§ LORD LUCAS OF CHILWORTH
I am not being offensive. If this matter were not germane to the discussion I should not be raising it. The paragraph which I was reading continues:Or, again, that in the case of a man's shirt the industrial costs are 3s. 5¼and the charges for distribution 5s. 9d.
Would the noble Lord say whether these prices relate to the pre-war period, a free economy, or whether the make up is during the war, a controlled economy?
§ LORD LUCAS OF CHILWORTH
The only statistics they had, I suggest, were those relating to periods up to the outbreak of the war.
I would say, on the other hand, that they are far more likely to have had the statistics relating to the period during the war. It was only during the war that we became statistically minded.
§ LORD LUCAS OF CHILWORTH
Well, perhaps the noble Lord will be able to marry this up with the statistics for the war period. I quote from another part of the Report.A reduction in the spinning cost of ½d. per lb. of yarn may involve revolutionary changes in production methods and it is not unnatural for those doing this work to ask 194 what total difference this ½d. per lb. will make in the retail price, say, of a shirt weighing little more than 8 ounces, and to compare their effort and its reward with the effort 2nd charges of the distributors.The point I wish to make—and I say this to the noble Lord who will reply on behalf of His Majesty's Government—is that it is useless to place the production side of the cotton industry on a sound economic basis and to allow the resultant gains to be dissipated in a wasteful and extravagant distributive system.
§ 6.5 p.m.
§ VISCOUNT LEVERHULME
My Lords, I would venture to address you for just a few minutes. A number of speeches have already been made in this debate, and there are other noble Lords who wish to take part in it, so I will try to be as brief as possible. I rise on this occasion for two reasons. The first is that living and spending about half my time, as I do, on Merseyside, I am brought into frequent contact with the commercial and civic life of the neighbourhood, and I am intensely aware of the opposition which exists there to this measure which will deprive Liverpool of a unique institution. I am further interested in this Bill because for the last few years I have been on the board of a cotton spinning company in my native town of Bolton. It is not a large company, but it is an independent company, unco-ordinated and very proud of its 150 years of existence, which it is going to celebrate in about a fortnight's time.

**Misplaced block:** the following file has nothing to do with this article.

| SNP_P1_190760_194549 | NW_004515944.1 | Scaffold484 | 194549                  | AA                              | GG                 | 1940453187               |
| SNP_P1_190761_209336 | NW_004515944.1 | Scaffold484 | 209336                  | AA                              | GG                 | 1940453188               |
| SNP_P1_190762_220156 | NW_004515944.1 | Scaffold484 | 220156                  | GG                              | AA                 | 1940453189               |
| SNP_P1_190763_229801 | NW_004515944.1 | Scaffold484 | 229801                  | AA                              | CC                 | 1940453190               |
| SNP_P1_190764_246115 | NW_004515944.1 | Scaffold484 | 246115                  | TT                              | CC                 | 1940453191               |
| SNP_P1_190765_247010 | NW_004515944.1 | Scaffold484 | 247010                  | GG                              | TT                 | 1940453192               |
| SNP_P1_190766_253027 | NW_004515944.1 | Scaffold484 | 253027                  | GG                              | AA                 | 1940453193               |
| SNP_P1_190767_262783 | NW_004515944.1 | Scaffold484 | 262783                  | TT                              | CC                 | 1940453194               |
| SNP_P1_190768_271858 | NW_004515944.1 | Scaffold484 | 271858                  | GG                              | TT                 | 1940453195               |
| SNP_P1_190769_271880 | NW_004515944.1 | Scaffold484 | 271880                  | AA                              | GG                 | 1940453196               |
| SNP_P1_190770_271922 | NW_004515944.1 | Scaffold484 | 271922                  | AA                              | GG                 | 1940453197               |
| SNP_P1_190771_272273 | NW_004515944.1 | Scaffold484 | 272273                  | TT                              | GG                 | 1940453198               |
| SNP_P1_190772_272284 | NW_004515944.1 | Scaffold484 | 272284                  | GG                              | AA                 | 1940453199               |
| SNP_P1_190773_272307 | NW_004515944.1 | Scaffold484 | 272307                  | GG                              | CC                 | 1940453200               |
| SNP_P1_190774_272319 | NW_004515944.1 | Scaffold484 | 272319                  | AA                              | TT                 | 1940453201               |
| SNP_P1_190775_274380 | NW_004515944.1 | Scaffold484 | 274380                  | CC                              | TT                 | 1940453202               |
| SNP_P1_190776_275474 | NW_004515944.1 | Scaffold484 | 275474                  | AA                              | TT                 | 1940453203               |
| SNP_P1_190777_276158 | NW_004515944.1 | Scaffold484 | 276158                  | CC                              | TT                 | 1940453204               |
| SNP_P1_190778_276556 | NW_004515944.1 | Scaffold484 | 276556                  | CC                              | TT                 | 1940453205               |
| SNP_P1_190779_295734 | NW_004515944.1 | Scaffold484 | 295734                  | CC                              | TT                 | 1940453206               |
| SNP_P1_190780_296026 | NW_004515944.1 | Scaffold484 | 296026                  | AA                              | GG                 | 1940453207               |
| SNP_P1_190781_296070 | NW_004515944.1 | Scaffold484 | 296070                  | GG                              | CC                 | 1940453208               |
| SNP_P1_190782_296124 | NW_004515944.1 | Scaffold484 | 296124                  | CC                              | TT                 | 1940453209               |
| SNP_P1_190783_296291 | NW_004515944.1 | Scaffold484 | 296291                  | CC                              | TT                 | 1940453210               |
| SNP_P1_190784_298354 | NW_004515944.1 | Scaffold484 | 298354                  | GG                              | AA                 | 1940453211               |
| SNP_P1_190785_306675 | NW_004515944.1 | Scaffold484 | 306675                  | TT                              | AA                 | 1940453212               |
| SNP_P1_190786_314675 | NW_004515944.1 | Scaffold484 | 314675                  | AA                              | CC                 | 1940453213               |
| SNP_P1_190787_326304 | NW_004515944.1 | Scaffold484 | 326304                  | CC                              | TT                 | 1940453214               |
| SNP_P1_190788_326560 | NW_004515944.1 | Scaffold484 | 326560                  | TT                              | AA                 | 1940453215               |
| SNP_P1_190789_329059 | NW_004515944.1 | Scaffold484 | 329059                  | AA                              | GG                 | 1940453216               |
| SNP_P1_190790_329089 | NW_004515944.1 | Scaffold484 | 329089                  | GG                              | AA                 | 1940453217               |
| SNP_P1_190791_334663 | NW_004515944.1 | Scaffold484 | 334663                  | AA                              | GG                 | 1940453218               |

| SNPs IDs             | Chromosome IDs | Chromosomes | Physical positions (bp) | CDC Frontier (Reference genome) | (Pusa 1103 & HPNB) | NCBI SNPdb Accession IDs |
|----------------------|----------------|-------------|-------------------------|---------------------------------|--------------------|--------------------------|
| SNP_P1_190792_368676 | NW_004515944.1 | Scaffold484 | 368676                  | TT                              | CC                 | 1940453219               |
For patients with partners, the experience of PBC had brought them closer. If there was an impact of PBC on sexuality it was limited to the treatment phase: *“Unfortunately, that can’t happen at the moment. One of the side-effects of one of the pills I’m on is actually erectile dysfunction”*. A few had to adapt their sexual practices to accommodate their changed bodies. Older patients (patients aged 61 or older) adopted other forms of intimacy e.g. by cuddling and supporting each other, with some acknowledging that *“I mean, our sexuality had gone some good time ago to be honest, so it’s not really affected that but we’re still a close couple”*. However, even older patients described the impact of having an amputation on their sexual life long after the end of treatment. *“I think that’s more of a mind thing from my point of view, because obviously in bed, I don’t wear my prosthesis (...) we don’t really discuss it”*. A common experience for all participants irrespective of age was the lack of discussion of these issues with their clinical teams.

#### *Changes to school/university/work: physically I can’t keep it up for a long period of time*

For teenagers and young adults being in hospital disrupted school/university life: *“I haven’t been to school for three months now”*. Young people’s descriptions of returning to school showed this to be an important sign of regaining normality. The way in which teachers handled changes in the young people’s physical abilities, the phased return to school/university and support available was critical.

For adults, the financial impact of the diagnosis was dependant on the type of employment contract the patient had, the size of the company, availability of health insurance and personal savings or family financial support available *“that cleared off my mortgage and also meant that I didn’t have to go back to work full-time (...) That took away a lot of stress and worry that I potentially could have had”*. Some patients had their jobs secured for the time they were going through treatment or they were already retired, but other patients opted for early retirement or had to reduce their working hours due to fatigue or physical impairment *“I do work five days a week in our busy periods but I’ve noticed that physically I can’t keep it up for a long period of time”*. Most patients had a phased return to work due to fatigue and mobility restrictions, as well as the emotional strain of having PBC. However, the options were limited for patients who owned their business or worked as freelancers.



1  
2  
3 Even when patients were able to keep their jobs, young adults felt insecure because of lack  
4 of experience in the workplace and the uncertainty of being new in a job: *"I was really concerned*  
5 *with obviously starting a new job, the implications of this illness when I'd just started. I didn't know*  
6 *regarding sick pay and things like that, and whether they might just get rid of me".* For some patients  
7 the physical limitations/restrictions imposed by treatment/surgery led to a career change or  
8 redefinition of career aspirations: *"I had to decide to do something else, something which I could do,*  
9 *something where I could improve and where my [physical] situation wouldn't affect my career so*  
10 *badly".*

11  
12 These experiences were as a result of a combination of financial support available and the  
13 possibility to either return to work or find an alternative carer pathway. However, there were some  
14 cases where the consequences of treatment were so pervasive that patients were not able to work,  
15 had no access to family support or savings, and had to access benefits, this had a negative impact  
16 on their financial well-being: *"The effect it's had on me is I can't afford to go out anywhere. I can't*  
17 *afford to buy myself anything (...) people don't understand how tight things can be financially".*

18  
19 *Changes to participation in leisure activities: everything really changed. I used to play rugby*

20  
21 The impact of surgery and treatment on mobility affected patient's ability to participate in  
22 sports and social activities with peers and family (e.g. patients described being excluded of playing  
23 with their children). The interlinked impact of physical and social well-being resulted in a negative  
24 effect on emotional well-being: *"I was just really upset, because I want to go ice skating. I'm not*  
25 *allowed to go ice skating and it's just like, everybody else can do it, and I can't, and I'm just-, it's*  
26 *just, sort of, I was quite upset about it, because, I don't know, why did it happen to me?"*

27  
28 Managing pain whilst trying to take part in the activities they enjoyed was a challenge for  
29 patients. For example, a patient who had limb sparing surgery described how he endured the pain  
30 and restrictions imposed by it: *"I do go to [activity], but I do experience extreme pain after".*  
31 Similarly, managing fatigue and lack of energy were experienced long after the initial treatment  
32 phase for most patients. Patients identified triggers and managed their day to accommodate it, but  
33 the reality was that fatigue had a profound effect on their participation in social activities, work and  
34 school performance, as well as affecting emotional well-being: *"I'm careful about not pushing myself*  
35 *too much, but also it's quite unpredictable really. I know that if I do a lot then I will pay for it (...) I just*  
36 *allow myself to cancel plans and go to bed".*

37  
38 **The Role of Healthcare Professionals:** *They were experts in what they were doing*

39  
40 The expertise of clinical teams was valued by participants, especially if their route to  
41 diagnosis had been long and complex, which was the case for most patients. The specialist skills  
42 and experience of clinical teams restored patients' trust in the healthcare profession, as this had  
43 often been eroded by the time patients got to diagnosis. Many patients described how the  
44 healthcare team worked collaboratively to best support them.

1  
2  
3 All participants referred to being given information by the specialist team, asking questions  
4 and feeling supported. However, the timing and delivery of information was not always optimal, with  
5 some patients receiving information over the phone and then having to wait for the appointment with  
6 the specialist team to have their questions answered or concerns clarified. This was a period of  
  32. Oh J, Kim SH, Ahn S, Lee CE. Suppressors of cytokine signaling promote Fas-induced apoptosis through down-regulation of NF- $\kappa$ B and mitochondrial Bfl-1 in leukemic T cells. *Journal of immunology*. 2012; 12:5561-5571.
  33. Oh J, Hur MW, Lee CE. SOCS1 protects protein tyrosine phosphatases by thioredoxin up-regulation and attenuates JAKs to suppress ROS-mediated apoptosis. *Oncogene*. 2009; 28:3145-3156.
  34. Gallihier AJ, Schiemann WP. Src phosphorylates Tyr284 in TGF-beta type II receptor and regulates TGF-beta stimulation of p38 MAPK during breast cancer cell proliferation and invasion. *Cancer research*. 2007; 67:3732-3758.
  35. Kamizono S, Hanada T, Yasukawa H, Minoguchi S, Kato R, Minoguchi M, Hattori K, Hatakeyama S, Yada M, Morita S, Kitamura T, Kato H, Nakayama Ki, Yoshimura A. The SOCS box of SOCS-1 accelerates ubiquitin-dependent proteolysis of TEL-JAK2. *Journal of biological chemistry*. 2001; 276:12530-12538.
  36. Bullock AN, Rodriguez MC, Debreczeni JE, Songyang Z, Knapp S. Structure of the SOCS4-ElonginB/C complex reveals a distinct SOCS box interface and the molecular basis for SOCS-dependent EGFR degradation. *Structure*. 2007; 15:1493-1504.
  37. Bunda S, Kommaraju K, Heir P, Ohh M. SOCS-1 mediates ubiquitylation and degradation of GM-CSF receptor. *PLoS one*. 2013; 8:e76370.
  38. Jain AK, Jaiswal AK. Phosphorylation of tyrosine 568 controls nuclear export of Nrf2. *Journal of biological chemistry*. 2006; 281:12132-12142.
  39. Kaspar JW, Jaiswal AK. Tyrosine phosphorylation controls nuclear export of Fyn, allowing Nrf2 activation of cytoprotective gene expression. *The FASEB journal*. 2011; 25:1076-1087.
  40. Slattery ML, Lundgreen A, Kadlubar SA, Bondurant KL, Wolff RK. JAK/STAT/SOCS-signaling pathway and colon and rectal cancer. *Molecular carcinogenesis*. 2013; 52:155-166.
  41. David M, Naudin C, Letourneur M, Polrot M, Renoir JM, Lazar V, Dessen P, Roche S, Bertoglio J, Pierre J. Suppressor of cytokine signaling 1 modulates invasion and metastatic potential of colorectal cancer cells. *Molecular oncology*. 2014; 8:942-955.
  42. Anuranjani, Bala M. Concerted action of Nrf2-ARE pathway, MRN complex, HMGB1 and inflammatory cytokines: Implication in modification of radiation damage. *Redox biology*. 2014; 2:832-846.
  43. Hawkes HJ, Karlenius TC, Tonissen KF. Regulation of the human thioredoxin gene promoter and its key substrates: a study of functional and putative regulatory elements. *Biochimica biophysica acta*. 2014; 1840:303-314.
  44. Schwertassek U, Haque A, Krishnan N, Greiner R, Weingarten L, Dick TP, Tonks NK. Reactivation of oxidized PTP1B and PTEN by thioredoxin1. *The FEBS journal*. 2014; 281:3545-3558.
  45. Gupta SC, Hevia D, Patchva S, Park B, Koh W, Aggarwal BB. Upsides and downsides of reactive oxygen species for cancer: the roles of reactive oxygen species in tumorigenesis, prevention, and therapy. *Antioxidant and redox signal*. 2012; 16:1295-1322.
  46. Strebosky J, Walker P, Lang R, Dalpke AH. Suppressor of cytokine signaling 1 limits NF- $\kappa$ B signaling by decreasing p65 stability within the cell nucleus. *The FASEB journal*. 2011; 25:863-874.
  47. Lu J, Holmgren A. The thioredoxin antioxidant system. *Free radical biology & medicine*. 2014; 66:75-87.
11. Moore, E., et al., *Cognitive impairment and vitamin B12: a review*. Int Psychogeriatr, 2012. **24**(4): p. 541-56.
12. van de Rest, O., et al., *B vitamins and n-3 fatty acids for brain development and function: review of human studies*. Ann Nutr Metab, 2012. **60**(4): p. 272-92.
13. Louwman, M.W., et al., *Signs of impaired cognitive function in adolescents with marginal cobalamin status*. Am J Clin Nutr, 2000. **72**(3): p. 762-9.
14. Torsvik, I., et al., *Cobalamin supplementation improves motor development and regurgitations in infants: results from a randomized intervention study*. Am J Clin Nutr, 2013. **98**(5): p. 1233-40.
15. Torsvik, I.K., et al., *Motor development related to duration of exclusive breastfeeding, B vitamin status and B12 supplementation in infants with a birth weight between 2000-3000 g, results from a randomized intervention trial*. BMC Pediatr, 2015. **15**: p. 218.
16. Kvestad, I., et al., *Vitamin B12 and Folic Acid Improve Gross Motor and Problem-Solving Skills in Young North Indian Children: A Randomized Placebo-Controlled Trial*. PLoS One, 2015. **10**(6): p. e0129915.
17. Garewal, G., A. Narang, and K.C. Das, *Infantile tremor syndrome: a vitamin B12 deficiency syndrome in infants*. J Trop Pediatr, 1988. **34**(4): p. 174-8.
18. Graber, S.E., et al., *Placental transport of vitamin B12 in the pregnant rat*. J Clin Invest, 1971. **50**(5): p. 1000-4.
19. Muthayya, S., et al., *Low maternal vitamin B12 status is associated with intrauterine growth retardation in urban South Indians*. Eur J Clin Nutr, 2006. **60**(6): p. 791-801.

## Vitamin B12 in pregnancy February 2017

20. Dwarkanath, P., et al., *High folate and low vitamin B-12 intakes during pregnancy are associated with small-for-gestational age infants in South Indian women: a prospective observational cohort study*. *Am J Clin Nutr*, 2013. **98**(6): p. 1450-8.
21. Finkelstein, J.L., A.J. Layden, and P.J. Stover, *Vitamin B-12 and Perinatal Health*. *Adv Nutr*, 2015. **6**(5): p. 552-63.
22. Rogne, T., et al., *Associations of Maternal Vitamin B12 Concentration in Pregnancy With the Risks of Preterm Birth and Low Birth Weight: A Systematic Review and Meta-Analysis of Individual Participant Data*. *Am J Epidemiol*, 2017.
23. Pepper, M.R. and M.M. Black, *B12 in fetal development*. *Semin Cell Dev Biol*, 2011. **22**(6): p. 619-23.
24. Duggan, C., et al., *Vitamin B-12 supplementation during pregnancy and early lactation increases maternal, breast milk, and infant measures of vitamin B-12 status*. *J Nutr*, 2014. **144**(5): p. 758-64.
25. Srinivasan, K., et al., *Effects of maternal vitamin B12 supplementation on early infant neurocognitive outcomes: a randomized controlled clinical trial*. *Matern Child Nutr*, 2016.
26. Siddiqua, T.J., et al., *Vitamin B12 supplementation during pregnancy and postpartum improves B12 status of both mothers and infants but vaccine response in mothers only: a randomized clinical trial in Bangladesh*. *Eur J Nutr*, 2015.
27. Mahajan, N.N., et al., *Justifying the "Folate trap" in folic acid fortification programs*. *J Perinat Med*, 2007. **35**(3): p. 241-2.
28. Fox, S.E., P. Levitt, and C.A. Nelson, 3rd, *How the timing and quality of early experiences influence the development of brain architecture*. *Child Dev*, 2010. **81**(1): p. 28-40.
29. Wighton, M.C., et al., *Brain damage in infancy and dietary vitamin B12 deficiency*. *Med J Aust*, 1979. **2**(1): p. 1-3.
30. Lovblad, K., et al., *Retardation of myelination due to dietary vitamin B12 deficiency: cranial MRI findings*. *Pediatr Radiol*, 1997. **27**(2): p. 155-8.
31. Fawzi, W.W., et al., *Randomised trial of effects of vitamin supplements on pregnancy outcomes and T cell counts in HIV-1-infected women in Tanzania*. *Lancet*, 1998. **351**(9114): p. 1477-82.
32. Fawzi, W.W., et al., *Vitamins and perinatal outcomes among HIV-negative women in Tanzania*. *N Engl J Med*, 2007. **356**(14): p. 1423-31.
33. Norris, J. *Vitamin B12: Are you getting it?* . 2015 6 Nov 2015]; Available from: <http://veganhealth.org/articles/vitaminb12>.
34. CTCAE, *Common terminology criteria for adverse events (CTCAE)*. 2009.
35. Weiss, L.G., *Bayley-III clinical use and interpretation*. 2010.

I have called the Liverpool cotton market a unique institution. I think that that epithet is justified, because it is something which this country had, and no other country had in quite the same form. It was the central market for world cotton trade, and although out of 30,000,000 bales produced annually in the world, taking one year with another, only about 3,000,000 actually entered this country, nevertheless the price of cotton in every other market was related to the Liverpool price. So, through something like a century, this market in Liverpool grew and flourished and prospered, and it did so because it rendered a service to the grower, to the shipper, to the importer and to the user of cotton. I cannot believe that it would have existed and have continued to flourish if it had not rendered this service. Messages have poured 195 in from markets in other countries deploring the closing of the Liverpool market. But if and when this central market of Liverpool is closed, a central market will assuredly take root elsewhere—it may be in France, or Belgium, or Holland or somewhere else, not immediately, perhaps, but as world trade conditions recover. One of the other cotton markets will assume the central character which the Liverpool market formerly enjoyed.
What about the users of cotton? They are, after all, the customers whom the market served, and the people whom, as the noble Viscount who introduced the Bill stated, this Bill is intended to benefit. The noble Lord, Lord Cherwell, referred to the figures which resulted from the questionnaire sent to the members of the Federation of Master Cotton Spinners Associations, and I need not enlarge upon them except again to call attention to the remarkable minority or less than 1 per cent. of those who were in favour of the policy which is being followed in this Bill. Reference has also been made to the fact that this question of the Liverpool cotton market was deliberately excluded from the purview of those who sat, under the chairmanship of Sir George Schuster, on the Working Party which inquired into the cotton trade. It seems to me rather like asking a dramatic critic to criticize a three-act play, but to tell him that the first act is deliberately excluded from the criticism he is asked to make. Nevertheless, the Working Party did manage to get something into their report about the buying of cotton. This is what the report states:We confine ourselves therefore to making the broad observation that the Lancashire industry will not have a fair chance to recover prosperity unless it is able to buy suitable cotton in the cheapest available market, and avoid being placed at a disadvantage vis-âvis other countries so far as raw cotton prices are concerned. The importance of exports relative to home trade makes this a vital matter for the Lancashire industry.We know that we must accept policies of centralized buying and other forms of control in war-time and in times like the present, when we are faced with shortages as an aftermath of war. But surely the Government have no justification for using the fact that the industry has readily co-operated with the Government, and accepted control in times like this, as 196 being a proof that industry needs that control permanently, or would welcome it, or that it would necessarily be a good thing. I think it is fair to ask: Where do we go from here? If raw cotton is to be bought centrally, why not all raw materials in other industries? If it is a good thing for this country, why not for all countries? So we see ahead of us, I hope not in our life-time, a time when world trade will be carried on, not between the nationals of one country and the nationals of another, not between merchants in one country and merchants in another, but between Government and Government. That, I think, would be a world in which the risk of constantly recurring wars would be very greatly increased.